Haiti (HaÃ¯ti in French; Ayiti in Haitian Creole; Hayti in nineteenth century English), officially the Republic of Haiti, occupies one-third of the Caribbean island of Hispaniola. The country also includes many smaller islands such as La GonÃ¢ve, La Tortue (Tortuga), Les Cayemites, ÃŽle de Anacaona, and La Grande Caye. The uninhabited island of Navasse is claimed by both Haiti and the United States.
Fixed-line teledensity in Haiti is the lowest in Latin America, and mobile penetration is the second lowest after Cuba. Political unrest has severely affected investments in a country where most people have no electricity, telephones, or running water. Fixed-line services are provided by state-owned monopoly operator Teleco, which is inefficient and poorly managed. Mobile telephony, instead, is open to competition. Digicel has become the fourth mobile operator, entering the market in 2006. Although only affordable by the wealthy, mobile phones overtook fixed lines in service in 2002. There are now more than twice as many mobile customers as there are fixed-line subscribers, even though mobile penetration is only around 4%. Internet access is also open to competition. WLL and VoIP are being used to supplement the shortage of fixed lines.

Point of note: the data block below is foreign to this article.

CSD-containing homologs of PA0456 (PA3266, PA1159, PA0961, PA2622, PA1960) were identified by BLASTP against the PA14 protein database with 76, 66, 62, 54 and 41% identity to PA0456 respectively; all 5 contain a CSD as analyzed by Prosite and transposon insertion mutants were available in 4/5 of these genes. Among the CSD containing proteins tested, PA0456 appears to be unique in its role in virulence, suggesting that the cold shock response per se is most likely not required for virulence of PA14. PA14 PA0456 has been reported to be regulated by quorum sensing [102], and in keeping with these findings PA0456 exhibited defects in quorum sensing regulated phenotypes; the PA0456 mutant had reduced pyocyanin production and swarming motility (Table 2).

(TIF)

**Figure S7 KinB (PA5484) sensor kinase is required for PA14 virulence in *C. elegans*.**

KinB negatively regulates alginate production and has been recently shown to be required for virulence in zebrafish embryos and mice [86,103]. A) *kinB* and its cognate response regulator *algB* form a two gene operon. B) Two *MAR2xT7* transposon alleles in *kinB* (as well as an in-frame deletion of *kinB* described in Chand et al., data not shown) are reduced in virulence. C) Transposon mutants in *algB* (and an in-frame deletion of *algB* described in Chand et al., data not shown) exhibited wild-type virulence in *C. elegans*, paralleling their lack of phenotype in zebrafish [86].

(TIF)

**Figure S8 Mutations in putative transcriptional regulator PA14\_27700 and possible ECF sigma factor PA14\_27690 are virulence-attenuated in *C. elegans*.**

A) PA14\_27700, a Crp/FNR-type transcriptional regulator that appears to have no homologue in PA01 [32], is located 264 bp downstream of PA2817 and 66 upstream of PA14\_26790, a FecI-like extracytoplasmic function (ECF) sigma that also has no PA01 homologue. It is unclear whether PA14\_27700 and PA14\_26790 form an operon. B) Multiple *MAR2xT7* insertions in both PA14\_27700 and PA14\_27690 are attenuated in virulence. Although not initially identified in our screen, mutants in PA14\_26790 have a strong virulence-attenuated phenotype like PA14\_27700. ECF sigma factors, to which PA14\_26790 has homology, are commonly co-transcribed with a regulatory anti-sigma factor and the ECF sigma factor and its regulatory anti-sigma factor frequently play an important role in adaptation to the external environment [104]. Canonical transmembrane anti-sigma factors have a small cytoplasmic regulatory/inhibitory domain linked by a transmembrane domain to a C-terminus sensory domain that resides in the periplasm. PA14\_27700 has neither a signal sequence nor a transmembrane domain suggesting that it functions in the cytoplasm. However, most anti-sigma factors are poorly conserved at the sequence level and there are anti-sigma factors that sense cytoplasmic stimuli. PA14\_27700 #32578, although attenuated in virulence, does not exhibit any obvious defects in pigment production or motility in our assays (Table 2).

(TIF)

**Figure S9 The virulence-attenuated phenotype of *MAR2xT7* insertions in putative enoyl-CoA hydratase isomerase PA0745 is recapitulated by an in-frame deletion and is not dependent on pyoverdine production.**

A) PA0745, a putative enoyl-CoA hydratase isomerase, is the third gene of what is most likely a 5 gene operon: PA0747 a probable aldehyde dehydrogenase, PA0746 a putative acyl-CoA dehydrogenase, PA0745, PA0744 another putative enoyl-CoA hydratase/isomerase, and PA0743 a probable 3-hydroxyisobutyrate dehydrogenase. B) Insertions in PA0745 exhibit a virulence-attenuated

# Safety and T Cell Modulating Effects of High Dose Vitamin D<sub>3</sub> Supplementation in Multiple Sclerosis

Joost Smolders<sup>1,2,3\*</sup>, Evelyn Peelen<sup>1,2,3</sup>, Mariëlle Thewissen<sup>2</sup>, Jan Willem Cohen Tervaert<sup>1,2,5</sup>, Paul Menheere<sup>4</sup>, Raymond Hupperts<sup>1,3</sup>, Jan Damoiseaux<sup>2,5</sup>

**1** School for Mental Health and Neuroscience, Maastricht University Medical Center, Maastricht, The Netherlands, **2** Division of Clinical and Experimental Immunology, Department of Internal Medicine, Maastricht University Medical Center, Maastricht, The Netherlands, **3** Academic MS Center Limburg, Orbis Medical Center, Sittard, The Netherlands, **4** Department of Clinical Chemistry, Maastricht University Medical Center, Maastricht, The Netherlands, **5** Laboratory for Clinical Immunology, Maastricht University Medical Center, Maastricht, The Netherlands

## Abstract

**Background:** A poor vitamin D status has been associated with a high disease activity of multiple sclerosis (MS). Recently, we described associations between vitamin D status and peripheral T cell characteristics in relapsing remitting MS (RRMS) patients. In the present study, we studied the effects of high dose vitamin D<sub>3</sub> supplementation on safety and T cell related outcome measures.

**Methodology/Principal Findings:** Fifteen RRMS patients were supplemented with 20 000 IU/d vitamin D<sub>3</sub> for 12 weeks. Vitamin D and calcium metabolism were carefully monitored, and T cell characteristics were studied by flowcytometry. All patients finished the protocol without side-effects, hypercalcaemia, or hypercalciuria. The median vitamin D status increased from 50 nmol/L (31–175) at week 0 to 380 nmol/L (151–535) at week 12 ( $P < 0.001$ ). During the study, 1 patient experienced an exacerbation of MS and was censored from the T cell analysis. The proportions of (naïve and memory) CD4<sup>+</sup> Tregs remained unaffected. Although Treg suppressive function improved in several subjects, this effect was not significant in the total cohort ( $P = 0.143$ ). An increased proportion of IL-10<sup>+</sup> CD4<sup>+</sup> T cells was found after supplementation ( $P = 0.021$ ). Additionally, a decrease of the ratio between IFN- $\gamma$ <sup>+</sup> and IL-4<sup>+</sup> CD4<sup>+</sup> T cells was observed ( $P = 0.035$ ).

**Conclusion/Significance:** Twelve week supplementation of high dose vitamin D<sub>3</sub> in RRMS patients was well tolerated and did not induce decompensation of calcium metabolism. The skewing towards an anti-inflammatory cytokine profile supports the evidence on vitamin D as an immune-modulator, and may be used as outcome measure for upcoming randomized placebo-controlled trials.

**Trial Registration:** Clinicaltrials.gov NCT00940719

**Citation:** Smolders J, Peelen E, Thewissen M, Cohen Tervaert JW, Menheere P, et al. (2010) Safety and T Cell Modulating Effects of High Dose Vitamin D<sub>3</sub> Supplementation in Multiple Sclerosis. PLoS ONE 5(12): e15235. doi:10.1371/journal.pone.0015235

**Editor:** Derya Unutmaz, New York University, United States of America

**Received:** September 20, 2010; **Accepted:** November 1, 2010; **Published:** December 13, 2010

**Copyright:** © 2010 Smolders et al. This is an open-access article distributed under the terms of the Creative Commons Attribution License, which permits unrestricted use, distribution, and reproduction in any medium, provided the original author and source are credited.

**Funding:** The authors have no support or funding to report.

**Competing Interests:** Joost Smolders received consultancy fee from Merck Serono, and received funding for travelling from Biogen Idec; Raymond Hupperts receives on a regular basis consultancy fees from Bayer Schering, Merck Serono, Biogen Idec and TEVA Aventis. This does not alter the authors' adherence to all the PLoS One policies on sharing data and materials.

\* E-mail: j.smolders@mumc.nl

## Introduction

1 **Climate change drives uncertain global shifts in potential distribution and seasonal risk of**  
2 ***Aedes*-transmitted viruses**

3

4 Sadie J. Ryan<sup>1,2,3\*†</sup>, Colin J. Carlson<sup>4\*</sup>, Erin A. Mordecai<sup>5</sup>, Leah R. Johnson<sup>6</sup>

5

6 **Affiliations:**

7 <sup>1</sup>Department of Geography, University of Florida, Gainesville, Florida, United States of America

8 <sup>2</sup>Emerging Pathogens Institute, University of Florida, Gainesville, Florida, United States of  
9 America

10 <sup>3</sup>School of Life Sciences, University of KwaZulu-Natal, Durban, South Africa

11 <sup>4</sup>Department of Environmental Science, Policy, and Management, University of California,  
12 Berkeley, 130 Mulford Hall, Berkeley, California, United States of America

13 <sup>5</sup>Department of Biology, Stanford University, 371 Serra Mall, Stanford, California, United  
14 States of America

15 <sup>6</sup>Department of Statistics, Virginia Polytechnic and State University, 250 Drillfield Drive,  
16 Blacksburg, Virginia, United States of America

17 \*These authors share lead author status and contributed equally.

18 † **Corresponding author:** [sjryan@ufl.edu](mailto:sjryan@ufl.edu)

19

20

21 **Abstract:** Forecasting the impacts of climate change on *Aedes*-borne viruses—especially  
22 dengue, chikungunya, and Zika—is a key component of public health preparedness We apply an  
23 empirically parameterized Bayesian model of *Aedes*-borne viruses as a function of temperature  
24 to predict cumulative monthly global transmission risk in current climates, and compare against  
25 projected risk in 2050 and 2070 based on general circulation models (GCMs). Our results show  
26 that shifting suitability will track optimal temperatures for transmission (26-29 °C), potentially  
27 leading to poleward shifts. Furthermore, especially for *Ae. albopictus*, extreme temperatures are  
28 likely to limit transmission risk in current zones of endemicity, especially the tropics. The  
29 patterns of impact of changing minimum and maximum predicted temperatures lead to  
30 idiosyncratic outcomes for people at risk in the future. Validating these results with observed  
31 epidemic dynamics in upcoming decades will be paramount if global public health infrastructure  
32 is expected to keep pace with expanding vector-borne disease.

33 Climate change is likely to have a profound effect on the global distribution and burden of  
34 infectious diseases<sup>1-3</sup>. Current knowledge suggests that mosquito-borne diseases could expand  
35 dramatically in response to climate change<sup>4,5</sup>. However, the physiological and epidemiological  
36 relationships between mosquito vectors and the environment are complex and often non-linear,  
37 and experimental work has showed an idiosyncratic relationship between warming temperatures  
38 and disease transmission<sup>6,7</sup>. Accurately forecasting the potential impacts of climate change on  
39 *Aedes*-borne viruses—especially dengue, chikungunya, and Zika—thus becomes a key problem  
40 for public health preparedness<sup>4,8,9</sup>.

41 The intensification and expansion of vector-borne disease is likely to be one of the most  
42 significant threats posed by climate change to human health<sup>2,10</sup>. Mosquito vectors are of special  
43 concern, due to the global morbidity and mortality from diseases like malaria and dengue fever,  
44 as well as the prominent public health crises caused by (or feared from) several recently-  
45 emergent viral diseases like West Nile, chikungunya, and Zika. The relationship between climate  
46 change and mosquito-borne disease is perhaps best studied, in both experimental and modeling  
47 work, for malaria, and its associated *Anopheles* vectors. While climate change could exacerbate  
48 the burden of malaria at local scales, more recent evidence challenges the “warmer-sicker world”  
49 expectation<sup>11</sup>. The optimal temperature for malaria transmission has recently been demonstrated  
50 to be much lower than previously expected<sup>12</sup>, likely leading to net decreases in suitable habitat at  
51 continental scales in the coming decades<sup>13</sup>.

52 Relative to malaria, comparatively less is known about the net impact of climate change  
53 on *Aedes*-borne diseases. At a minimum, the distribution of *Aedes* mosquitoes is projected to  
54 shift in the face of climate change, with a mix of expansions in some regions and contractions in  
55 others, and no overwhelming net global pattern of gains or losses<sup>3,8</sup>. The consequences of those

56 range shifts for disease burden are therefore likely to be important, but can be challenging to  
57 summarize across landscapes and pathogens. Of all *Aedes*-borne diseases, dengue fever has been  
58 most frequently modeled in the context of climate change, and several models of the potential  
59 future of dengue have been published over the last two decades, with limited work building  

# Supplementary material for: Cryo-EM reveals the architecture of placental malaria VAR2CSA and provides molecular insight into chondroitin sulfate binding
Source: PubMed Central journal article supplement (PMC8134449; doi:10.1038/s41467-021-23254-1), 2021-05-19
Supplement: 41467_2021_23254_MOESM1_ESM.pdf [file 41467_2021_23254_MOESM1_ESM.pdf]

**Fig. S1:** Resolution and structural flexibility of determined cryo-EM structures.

The best Haiti coffees are low acid, medium-bodied, soft and rich. Virtually all Haiti coffees entering the United States are produced by a large group of cooperatives and marketed under the name Haitian Bleu.